Pro tip: Analyzing the results is just the beginning — what really matters is fixing the issues mentioned, and in a timely manner. You can even follow up with interviewees and let them know you’ve taken their feedback into consideration, and your team will be enacting changes to rectify the problem. This makes customers who give their time and consideration to your business feel appreciated and heard. 

Customer Interview Best Practices

Nuance matters. So, besides what we've discussed, consider following these best practices to conduct successful customer interviews.

Consider doing a mix of one-on-one interviews and focus groups. 

Marketing experts like Mark Ritson strongly advocate for focus groups, and for good reason. “They’re a quick and cheap route to useful insights,” says Ritson. However, Ritson also states that they have flaws.

One major flaw is they're prone to bias. Interviewees might say certain things just to look smarter than others. Some interviewees might also say little or stay quiet. Consequently, the opinions of a few people dominate the conversation and distort the result.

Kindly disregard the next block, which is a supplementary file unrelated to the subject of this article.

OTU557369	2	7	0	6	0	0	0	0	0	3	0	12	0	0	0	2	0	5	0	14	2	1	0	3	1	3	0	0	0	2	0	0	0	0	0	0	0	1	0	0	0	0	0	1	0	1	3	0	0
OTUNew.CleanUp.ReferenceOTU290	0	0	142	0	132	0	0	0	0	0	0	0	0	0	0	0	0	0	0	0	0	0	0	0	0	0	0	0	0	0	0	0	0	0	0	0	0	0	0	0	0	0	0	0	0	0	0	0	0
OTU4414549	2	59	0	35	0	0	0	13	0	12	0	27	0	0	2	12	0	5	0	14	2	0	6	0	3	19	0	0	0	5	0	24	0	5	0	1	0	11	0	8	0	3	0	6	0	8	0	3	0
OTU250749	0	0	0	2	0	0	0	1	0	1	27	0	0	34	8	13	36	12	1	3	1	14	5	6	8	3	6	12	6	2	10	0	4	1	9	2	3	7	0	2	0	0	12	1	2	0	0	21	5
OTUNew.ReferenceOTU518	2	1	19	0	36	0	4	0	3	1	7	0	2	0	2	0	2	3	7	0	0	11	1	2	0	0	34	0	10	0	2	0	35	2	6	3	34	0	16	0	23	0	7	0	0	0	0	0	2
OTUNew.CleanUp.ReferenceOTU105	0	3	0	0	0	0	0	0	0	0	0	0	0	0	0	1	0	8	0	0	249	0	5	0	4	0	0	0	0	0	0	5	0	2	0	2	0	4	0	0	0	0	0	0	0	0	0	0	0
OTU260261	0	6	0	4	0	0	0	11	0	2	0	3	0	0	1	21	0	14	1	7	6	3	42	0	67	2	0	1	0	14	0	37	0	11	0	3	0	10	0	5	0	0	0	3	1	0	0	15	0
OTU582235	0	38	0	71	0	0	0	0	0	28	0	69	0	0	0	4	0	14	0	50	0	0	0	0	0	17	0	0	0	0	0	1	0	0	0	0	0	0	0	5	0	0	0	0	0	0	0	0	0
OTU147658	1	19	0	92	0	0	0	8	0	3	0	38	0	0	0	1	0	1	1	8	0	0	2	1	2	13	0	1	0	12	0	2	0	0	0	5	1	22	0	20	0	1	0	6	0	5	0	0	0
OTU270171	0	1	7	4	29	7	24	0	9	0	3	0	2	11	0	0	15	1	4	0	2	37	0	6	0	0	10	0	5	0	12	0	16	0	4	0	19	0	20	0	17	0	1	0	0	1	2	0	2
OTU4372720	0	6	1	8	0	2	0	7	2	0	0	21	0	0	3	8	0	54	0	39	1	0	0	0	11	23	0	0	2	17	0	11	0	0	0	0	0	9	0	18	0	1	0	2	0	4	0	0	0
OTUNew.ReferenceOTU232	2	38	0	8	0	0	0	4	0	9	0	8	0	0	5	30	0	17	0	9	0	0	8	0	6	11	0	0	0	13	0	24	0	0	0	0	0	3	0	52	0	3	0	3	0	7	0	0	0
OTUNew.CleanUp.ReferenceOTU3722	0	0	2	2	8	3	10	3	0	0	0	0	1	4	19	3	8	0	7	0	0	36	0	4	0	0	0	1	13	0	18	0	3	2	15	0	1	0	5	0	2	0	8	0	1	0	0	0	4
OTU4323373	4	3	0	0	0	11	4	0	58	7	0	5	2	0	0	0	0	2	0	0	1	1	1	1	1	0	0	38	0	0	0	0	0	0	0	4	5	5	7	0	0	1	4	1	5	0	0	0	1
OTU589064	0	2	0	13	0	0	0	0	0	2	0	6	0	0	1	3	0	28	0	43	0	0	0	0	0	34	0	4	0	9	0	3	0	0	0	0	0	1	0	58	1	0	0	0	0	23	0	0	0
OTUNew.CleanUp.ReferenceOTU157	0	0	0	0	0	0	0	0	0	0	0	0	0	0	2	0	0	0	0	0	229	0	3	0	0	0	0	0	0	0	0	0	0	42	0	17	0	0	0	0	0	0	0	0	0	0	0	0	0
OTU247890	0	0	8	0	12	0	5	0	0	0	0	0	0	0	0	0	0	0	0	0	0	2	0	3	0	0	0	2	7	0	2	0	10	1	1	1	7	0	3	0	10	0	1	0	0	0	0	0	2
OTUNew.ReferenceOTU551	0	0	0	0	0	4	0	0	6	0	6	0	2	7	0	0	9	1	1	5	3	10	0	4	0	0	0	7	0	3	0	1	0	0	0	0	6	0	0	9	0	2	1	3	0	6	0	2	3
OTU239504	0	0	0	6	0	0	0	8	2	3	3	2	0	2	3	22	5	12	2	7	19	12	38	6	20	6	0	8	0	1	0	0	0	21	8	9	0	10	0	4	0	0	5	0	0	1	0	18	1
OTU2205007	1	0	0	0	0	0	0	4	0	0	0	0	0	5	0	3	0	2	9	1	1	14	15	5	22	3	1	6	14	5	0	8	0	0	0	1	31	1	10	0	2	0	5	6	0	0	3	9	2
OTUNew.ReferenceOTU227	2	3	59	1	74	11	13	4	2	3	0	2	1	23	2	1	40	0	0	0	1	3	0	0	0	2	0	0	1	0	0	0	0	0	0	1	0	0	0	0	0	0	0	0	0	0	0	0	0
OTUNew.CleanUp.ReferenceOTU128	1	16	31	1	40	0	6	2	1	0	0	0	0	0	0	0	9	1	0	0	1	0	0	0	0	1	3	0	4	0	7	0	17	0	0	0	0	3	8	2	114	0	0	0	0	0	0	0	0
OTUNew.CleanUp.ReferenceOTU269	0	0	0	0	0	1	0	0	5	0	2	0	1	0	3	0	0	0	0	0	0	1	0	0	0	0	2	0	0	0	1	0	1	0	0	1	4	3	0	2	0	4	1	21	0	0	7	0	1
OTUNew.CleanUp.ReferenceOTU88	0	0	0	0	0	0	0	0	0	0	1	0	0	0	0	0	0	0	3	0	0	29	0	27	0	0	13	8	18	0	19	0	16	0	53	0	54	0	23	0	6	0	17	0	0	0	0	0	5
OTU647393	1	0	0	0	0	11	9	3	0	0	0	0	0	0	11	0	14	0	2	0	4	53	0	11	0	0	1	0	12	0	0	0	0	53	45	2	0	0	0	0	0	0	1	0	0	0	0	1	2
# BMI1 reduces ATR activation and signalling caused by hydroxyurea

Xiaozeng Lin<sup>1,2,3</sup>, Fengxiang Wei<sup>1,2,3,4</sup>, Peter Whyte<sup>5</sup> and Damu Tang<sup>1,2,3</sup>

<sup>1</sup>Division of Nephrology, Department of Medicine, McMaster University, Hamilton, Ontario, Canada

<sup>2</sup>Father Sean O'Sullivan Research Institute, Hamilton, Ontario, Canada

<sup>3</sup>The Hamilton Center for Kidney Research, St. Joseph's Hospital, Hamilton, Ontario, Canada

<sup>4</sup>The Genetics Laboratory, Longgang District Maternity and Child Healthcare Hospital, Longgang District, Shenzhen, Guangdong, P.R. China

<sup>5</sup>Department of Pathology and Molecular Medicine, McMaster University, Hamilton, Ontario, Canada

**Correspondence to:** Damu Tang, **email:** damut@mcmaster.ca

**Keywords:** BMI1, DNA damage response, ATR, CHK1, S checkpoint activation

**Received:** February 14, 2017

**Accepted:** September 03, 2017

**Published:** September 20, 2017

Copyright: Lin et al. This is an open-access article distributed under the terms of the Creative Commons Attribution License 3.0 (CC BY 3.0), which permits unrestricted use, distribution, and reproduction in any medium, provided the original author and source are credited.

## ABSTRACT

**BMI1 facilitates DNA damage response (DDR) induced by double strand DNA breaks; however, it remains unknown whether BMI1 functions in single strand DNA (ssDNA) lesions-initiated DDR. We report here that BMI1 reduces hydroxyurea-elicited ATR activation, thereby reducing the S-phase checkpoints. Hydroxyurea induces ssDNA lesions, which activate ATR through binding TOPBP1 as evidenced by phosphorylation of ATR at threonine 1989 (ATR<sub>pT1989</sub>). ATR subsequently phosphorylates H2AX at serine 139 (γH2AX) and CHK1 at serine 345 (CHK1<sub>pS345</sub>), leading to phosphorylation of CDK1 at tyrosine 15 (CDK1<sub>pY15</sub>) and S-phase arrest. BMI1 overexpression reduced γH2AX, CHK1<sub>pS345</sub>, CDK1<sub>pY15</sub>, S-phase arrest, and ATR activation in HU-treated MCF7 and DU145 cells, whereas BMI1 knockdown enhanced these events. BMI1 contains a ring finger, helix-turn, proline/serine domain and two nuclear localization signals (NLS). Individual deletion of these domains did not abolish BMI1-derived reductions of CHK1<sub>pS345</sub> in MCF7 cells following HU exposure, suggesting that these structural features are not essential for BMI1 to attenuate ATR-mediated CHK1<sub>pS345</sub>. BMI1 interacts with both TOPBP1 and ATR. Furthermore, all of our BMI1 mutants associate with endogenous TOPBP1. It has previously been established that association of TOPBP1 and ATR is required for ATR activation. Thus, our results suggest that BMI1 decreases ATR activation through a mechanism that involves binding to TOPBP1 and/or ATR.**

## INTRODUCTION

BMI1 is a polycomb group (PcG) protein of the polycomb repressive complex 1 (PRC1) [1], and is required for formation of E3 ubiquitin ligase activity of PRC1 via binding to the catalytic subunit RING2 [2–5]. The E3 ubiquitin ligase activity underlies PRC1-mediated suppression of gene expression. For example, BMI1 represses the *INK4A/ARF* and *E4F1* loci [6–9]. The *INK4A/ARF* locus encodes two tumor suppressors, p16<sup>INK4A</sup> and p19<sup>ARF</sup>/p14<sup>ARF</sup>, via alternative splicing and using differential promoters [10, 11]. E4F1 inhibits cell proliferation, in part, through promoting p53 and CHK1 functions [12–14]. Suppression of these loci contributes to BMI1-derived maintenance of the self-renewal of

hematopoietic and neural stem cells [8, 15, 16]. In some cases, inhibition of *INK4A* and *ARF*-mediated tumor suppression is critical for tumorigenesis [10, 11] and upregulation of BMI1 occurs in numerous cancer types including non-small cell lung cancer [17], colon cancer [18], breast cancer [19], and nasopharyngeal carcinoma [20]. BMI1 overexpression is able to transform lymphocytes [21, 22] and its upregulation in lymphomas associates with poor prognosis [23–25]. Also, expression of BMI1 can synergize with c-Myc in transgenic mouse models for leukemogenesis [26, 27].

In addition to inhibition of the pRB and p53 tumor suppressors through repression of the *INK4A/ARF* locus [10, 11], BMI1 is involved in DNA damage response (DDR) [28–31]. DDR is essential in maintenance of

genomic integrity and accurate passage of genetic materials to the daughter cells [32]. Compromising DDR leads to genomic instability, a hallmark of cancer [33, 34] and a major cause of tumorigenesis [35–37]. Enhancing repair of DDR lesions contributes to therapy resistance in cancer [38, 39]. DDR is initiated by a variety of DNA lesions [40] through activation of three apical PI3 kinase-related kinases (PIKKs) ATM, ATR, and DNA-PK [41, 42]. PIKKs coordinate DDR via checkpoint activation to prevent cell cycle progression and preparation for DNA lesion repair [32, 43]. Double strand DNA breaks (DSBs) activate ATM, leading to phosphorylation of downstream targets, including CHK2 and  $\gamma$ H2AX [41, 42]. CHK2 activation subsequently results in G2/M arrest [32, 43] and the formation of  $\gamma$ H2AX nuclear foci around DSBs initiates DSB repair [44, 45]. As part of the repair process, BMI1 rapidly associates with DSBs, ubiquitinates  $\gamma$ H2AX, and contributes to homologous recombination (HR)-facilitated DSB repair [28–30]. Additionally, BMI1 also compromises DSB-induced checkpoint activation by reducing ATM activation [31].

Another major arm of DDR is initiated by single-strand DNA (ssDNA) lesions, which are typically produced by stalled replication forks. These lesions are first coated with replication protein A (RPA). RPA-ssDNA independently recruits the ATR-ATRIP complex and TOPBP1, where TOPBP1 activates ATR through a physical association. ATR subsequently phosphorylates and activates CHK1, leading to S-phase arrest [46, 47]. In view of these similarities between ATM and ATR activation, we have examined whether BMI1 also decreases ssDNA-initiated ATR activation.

The bottom line? If you can, mix and match focus groups and one-on-one interviews. If you have to choose, go with one-on-one. 

Ask these five questions.

Marketers often struggle to ask the right questions during customer interviews. Customer Interview expert Louis Grenier recommends asking the following questions.

  1. What's the trigger? What first caused you to look for this solution?

  2. What's the pain? What's the main barrier to achieving your goal? What did you hate?

  3. What's the journey they took? What alternatives did you look for?

  4. What can you do now that you couldn’t do before?

  5. What do you hate about the industry?

That last question is beneficial because, according to Grenier, few people ask it. Consequently, the responses you receive can help shape your differentiation and positioning strategy.

Don’t ask about the future.

As established earlier, no doctor fills out a prescription without first diagnosing the patient. However, no doctor expects patients to write their own prescriptions either.